Five years ago, Wikipedia would not allow PR people to edit or change anything on the site because they found too many of our peers were editing things to be company-friendly and full of controlled messages.
So they banned us.
More recently they changed the rules to allow us back on, with the policy around conflict of interest pretty darn clear:
- All users must disclose their conflict of interest, not edit from anonymous accounts with fake identities.
- You may use one account per person.
- You must allow the community to edit your work.
- Maintain a hands-off policy on controversial content.
And then along came Bell Pottinger, a PR firm with offices in the U.S. and the U.K.
They were busted by blogger Tim Ireland for editing more than 100 Wikipedia entries, from an estimated 20 different fake accounts, spanning 1,000 edits.
They claim they didn’t break any laws and didn’t realize they were doing anything wrong.
But here’s the deal. Last year, a PR firm hired by video game developers, was posting great reviews online about their client’s products. The FTC took offense to it, citing “truth in advertising,” and fined them. A significant fine they had to pay.
Posting positive comments online about your clients without disclosure is, in fact, against the law.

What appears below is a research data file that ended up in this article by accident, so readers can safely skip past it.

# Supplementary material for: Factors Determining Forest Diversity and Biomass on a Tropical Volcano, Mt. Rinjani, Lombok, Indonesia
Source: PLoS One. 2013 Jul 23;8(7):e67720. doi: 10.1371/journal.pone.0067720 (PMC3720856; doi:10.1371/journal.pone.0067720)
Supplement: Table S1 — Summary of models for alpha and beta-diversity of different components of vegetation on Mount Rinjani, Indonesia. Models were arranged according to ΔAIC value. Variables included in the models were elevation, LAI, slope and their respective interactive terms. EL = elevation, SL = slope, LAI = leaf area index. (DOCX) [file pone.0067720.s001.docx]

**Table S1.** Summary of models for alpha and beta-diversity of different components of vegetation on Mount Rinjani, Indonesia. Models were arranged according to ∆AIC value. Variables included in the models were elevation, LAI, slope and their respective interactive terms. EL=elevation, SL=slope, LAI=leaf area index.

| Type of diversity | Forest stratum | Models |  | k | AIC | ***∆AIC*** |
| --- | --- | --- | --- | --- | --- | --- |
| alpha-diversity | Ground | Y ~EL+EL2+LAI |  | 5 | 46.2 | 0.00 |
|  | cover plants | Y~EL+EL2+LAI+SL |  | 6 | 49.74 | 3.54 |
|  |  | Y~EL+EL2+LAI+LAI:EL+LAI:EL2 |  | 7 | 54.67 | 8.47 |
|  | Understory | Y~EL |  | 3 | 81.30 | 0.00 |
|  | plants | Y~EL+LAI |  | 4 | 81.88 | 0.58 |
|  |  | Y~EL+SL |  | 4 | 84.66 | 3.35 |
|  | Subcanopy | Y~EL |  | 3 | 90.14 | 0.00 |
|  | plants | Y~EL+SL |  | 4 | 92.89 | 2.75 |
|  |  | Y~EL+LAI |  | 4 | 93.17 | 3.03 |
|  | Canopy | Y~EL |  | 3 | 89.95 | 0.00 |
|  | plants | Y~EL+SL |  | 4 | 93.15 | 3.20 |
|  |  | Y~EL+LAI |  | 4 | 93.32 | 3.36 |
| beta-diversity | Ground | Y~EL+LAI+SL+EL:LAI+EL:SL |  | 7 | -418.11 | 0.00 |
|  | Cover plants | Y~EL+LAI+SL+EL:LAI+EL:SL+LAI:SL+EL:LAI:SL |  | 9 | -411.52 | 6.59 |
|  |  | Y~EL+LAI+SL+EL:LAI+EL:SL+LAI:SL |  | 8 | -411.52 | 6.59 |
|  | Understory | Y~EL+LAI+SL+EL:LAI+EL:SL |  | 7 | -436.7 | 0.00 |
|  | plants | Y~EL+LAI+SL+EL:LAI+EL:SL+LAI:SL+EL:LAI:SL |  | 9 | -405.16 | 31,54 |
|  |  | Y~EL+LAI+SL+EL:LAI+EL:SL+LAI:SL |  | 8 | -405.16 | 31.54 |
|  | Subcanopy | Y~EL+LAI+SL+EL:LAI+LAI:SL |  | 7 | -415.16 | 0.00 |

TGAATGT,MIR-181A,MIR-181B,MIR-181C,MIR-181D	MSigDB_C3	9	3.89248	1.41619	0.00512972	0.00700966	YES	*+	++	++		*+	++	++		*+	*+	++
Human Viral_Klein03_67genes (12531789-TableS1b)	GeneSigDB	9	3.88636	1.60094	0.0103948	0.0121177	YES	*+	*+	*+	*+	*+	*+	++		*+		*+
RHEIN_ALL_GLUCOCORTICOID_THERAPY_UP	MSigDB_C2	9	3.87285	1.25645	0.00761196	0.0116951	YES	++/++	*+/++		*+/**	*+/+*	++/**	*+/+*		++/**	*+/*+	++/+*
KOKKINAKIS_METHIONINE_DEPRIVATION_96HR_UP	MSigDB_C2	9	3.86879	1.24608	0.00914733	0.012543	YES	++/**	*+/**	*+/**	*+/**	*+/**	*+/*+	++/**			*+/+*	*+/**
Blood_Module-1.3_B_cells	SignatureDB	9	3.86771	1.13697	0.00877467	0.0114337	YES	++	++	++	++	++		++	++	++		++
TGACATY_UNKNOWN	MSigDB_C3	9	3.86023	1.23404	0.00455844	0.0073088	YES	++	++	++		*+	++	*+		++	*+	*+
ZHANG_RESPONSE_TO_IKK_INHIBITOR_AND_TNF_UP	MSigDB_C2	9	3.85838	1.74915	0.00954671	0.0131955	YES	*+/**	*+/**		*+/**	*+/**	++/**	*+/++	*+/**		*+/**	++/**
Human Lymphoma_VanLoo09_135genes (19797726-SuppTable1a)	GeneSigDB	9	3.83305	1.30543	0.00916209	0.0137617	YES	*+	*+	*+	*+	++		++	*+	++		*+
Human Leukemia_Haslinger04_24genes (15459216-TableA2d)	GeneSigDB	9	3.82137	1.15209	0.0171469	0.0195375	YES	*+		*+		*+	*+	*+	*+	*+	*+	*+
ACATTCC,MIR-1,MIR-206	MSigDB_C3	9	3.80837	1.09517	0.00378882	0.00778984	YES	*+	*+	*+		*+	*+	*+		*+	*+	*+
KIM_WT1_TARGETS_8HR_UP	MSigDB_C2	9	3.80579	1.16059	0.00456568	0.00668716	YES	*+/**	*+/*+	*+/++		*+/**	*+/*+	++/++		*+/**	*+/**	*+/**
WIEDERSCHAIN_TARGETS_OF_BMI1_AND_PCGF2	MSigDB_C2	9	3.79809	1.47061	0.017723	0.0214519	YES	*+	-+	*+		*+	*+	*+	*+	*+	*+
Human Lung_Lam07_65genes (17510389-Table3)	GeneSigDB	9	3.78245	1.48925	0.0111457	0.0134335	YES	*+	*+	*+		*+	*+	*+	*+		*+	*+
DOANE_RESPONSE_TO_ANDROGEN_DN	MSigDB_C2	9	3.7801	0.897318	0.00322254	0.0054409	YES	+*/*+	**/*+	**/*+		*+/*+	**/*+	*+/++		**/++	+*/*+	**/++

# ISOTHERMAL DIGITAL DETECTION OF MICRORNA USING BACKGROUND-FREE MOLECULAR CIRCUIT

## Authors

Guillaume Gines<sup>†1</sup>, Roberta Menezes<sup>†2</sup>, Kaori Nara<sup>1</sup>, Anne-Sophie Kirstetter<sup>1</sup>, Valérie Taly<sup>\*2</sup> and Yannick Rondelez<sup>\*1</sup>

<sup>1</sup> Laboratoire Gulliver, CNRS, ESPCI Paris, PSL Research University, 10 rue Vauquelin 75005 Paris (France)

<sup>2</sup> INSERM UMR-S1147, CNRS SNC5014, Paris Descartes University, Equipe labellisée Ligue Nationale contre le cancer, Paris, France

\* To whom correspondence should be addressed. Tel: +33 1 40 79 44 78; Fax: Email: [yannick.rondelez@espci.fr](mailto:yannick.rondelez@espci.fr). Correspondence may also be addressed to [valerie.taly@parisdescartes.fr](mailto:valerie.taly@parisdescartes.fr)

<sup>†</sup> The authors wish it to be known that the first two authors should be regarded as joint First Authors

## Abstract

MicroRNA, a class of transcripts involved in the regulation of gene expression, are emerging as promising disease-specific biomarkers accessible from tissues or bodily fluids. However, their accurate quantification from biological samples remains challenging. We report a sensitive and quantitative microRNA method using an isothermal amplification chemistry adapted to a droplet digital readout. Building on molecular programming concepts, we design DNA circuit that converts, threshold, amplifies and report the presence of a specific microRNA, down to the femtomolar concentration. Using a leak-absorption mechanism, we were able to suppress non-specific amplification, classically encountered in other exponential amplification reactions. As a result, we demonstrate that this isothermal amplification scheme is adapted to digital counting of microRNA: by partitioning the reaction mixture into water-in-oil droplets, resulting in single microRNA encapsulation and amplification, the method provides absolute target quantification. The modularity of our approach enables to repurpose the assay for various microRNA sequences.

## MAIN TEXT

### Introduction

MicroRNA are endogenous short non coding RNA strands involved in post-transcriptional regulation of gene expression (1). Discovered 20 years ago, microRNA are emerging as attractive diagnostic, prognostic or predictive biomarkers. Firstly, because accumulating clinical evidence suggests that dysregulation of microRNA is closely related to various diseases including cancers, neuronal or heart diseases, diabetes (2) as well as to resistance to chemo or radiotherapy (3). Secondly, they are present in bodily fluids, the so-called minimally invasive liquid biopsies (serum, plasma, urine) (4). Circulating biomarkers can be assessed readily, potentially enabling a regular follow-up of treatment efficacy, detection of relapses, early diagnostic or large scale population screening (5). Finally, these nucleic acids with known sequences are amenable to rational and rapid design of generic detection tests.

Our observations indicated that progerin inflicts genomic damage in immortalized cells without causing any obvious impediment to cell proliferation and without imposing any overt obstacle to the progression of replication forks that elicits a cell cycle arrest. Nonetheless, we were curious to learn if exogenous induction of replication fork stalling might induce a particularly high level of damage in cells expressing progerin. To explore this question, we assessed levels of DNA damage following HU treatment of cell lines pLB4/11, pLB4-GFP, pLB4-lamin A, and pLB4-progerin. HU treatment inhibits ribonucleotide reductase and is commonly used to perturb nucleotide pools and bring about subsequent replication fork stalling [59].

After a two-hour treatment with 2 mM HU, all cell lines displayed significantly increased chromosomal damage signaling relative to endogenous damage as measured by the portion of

So ding Bell Pottinger for that. They did break the law.
Now let’s look at their claim they didn’t know what they were doing.
They created not one, not two, but TWENTY fake accounts so they could make edits anonymously. Edits that put their clients in more favorable light.
Then they nominated some of the articles for editing protection, right after they got the entries to read exactly as they wanted them.
Then they were caught on tape boasting about how they use “dark arts” to “burnish reputations of countries accused of human rights violations.”
So, let’s see. By my account, they’ve violated all four of the Wikipedia policies outlined above. That’s hard to do if you don’t know what you’re doing.
But they have agreed to have Jimmy Wales, the founder of Wikipedia, in to their offices to talk to the staff about ethical editing of entries.
Only time will tell if they’ve learned anything and are sorry for their lack of scruples, but I think they deserve this week’s Moron Award.
And please, for the love of all things good, make sure you disclose any work you’re doing for clients, including tweets, blog posts, and Facebook updates.
Thanks to both Ken Mueller and Jacque Smith for making sure I saw this story.